NECHE team student forum discusses on-campus opportunity, student protests, financial transparency

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Photo: Sydney Ciardi

Students in the Little Building

By Adri Pray, News Editor

Five Emerson students gathered in the SPC Black Box Theater Monday afternoon to meet with two representatives from the New England Commission of Higher Education team as part of Emerson’s 10-year re-accreditation plan.

Vice President of Campus Life at Bates College Dr. Joshua McIntosh and Director of Assessment and Institutional Research at Middlebury College Adela Langrock said the visit is an evaluation of the student body in relation to the self-study Emerson published earlier this year. The re-accreditation process allows degrees from colleges and universities to maintain value over time. Because the forum was described as a “psychological evaluation” of the student body, the students quoted will remain anonymous.

“A lot of this stuff is about clarity, it’s about transparency, it’s about the financial viability of the institution, these sorts of dependent very basic elements of academic integrity,” McIntosh said.

McIntosh and Langrock evaluated the students against nine standards, including academic programs, institutional resources, and educational effectiveness, among others. They first asked about the on-campus social justice protests from 2015, 2017, and 2020—what emerged from them, and where are students on the issue now?

The 2015, 2017, and 2020 on-campus protests sparked motion on issues of social justice in and outside of the classroom. Students involved in the 2020 protest created a list of demands to hold Emerson accountable, which created the student organization compact outlining diversity, equity, and inclusion requirements. 

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One student said he felt encouraged to talk about his racial identity with his peers after transferring to Emerson. While he felt students could freely discuss diversity, equity, and inclusion, he said other aspects of Emerson felt more performative, pointing out the community’s lack of commitment to putting on Jasmine Hawkins’ musical, Jelly’s Last Jam, the first Black musical to be on an Emerson stage.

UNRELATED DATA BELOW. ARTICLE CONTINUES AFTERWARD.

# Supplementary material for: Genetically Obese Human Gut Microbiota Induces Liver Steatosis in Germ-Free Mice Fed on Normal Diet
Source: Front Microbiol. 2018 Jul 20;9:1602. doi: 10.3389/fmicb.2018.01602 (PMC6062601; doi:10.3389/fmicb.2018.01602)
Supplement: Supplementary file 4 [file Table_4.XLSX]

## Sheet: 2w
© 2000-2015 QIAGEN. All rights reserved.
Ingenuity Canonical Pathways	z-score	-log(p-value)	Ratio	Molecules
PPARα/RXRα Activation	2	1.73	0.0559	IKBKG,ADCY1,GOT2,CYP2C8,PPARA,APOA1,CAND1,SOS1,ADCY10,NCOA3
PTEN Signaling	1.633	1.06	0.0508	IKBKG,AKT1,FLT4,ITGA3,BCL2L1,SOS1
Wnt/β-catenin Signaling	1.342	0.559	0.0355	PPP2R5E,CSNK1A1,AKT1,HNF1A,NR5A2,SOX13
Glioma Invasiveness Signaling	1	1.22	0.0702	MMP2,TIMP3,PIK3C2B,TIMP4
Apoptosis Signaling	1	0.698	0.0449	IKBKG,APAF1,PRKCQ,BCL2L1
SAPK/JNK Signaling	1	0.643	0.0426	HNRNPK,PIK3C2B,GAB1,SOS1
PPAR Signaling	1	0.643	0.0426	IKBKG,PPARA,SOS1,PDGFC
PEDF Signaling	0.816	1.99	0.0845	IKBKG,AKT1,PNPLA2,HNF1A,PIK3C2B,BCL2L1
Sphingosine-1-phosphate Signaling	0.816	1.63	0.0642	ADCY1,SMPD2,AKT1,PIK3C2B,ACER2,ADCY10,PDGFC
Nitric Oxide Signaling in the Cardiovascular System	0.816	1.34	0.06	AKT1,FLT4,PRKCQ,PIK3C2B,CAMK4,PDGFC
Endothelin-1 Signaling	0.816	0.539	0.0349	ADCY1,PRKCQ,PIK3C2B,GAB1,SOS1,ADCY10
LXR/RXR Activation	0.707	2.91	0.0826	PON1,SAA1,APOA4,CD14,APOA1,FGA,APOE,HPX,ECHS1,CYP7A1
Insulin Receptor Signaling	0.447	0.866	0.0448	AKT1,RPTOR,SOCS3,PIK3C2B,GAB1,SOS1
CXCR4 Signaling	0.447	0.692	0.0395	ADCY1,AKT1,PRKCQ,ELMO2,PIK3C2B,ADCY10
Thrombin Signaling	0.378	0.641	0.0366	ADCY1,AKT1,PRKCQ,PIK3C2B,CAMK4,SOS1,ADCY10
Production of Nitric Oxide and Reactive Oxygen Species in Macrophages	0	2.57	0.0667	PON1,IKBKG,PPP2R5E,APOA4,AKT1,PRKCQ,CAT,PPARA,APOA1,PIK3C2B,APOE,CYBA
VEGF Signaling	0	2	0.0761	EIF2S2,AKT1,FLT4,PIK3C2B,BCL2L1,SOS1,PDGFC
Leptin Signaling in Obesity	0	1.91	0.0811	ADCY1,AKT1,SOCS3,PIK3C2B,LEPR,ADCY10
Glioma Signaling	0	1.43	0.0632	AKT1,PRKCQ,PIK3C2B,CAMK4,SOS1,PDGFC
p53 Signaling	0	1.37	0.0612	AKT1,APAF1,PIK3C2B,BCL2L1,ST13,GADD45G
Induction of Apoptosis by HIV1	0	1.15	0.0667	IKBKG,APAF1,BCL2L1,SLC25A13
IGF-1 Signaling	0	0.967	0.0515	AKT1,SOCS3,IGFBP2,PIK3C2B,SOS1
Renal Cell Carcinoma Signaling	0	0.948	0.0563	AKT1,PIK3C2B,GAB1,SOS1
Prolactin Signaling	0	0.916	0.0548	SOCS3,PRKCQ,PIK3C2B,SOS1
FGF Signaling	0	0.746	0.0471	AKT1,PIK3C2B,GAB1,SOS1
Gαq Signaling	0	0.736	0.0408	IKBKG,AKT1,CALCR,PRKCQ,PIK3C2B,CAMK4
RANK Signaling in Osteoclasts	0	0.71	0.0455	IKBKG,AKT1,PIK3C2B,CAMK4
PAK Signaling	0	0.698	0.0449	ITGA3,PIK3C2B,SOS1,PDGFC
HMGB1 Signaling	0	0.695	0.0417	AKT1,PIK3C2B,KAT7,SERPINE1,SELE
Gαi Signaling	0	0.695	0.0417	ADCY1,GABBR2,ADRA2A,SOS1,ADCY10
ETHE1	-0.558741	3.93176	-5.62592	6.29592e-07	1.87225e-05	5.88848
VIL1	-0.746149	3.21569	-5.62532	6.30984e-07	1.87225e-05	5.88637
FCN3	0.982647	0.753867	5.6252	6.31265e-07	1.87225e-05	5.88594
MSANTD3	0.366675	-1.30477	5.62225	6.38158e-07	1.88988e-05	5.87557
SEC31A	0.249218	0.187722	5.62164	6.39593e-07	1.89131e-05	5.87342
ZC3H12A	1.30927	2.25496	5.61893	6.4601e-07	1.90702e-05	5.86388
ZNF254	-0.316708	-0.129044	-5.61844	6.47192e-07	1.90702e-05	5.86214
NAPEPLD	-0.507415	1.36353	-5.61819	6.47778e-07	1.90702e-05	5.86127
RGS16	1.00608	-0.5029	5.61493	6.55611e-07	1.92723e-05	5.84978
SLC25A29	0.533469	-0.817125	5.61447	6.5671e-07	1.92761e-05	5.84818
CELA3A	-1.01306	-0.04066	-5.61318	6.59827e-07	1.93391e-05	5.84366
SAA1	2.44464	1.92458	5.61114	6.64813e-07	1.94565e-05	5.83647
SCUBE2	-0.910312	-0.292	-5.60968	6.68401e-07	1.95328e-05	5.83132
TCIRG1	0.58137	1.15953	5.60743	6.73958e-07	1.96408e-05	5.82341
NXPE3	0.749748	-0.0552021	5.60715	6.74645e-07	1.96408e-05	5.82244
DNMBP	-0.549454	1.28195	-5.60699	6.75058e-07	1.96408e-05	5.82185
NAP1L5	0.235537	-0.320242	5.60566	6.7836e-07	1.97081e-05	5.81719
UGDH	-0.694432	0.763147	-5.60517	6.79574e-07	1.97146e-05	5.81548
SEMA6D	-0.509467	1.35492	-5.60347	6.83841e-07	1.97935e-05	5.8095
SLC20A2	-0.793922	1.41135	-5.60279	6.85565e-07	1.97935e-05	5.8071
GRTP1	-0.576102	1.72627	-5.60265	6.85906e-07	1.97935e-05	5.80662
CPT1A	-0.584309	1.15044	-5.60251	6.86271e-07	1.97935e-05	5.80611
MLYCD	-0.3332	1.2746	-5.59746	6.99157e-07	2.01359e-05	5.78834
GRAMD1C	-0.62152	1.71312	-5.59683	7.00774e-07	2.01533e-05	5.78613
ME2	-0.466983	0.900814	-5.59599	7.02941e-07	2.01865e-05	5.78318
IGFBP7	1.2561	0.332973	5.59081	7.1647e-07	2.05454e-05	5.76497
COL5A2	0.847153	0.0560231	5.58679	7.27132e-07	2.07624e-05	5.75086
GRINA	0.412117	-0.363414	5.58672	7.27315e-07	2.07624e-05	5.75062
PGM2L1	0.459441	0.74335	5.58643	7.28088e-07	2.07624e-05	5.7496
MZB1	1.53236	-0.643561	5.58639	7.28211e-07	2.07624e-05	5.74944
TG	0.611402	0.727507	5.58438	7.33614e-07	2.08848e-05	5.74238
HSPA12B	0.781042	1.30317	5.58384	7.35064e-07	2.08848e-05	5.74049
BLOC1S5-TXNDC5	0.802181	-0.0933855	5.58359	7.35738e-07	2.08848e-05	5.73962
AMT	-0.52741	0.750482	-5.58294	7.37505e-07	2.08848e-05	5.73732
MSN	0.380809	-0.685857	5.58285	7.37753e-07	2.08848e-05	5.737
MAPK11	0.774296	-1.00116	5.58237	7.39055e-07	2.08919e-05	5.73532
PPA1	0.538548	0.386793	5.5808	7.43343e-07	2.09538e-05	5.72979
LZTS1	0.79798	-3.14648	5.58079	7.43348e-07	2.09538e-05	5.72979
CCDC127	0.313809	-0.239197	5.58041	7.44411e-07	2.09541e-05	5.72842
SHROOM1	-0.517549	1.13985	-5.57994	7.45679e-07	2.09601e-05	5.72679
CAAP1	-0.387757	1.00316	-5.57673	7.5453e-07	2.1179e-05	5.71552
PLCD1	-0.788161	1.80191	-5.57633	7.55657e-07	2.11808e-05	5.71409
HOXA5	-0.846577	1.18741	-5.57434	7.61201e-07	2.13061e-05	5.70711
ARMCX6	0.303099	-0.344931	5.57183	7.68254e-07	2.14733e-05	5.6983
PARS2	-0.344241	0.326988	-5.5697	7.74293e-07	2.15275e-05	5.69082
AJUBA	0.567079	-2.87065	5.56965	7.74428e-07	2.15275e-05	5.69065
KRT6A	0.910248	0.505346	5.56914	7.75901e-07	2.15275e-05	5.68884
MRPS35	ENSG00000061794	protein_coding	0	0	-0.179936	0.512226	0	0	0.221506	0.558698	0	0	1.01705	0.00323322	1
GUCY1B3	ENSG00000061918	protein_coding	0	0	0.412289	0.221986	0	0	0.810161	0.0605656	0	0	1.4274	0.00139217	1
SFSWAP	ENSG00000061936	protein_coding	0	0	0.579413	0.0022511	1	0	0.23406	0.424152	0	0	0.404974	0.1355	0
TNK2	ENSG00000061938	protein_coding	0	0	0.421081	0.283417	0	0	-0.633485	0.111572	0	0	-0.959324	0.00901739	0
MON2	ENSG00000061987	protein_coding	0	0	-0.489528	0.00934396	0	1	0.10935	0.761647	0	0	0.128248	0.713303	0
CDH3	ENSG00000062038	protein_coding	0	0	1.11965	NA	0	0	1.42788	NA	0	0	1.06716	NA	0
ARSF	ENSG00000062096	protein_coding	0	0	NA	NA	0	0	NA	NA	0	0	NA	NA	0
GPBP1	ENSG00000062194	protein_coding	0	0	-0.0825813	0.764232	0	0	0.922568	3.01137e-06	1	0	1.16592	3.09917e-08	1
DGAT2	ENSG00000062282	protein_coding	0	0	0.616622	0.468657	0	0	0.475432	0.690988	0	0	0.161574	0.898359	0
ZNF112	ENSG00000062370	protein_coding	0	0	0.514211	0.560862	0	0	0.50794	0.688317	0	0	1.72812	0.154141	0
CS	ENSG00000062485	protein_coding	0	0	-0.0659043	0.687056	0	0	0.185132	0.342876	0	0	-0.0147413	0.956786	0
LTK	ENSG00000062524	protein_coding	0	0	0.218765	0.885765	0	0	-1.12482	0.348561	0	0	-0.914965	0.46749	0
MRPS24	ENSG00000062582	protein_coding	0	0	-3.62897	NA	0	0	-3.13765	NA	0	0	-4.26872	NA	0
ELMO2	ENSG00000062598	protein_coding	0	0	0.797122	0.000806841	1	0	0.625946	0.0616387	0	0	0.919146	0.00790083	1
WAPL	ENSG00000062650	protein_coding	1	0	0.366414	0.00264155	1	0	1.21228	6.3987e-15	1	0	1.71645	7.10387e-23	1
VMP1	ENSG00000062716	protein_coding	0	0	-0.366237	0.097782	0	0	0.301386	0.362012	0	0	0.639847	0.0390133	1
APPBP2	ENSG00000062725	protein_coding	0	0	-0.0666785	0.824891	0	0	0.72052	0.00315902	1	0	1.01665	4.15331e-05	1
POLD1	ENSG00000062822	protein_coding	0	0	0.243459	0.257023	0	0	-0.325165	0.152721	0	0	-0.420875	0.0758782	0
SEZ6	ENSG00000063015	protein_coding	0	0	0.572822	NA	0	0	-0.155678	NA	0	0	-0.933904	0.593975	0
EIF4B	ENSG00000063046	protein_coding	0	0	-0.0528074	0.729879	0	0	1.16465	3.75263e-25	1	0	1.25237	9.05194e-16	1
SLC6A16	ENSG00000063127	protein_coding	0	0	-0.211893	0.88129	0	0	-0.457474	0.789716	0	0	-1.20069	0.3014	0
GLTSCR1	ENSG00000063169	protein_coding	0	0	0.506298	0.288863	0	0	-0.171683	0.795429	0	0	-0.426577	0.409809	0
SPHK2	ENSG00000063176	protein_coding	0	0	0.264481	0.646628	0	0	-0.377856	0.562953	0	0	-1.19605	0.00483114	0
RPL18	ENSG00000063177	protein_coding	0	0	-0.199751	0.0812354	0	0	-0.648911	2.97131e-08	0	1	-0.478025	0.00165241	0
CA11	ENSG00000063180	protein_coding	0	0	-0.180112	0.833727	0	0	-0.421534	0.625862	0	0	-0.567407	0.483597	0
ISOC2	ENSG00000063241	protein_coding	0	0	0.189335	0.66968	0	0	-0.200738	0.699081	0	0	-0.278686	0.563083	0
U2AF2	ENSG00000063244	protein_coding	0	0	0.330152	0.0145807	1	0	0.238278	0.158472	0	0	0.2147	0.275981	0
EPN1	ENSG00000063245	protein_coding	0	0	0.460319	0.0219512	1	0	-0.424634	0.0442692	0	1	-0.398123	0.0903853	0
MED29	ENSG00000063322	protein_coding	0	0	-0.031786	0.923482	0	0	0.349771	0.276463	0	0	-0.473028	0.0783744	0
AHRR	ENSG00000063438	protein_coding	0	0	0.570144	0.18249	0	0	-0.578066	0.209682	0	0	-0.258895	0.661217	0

“I think students of color can get really frustrated, because sometimes it feels like we don’t even want to do this systemic work because [we’re] just trying to be students,” he said. “There are a lot of layers to it, and it just feels like sometimes when there’s an actionable plan you don’t necessarily get the full support because it’s too much, but I think it’s really complex. There’s a lot to be talked about about racial identity on campus.”

McIntosh also asked the students if they felt Emerson curated an on-campus environment that prepared them for life after graduation, specifically noting the opportunities and resources for students to access.

One student noted the Career Development Center, while not advertised to students as much as it should be, is a great resource for finding the next steps in your career. Most students start using this resource in their junior year, he said, as it’s not advertised as much as other resources.

Another student noted that incoming first-year students are rarely concerned with post-graduation plans, and many students would agree that utilizing the center often isn’t a priority while at Emerson.

“I just had to call [the Career Development Center] today about grad school,” she said. “They have so many resources and they’re so helpful, but it’s very much on you to reach out and I feel like it seems very optional.”

McIntosh and Langrock finished the session by asking the students their thoughts on the cost of tuition at Emerson, McIntosh specifically citing the debt load to be “relatively low in terms of the national landscape.”

One student said she received her financial aid information three months after the posted date in her portal—and this was after reaching out to the office over 10 times. Another student said she was redirected to other offices multiple times when she tried calling the Financial Aid Office seeking answers. Someone else mentioned Emerson’s financial aid portal needs to be restructured as he couldn’t tell where the dollar amounts and description of the charge lined up.

Overall, each student noted a lack of transparency regarding where their money was going. None of the five students felt confident in the answers the college provided, and many expressed they still had questions for senior administration.

“I had to email two different people just to get an itemized bill and even the official bill can be so extremely vague on what you’re paying for,” one student said. “It’ll be like ‘miscellaneous fee for $3,000,’ what is the money going towards, who am I paying?”

The NECHE team findings will be shared with Emerson community members at a community forum in the coming months.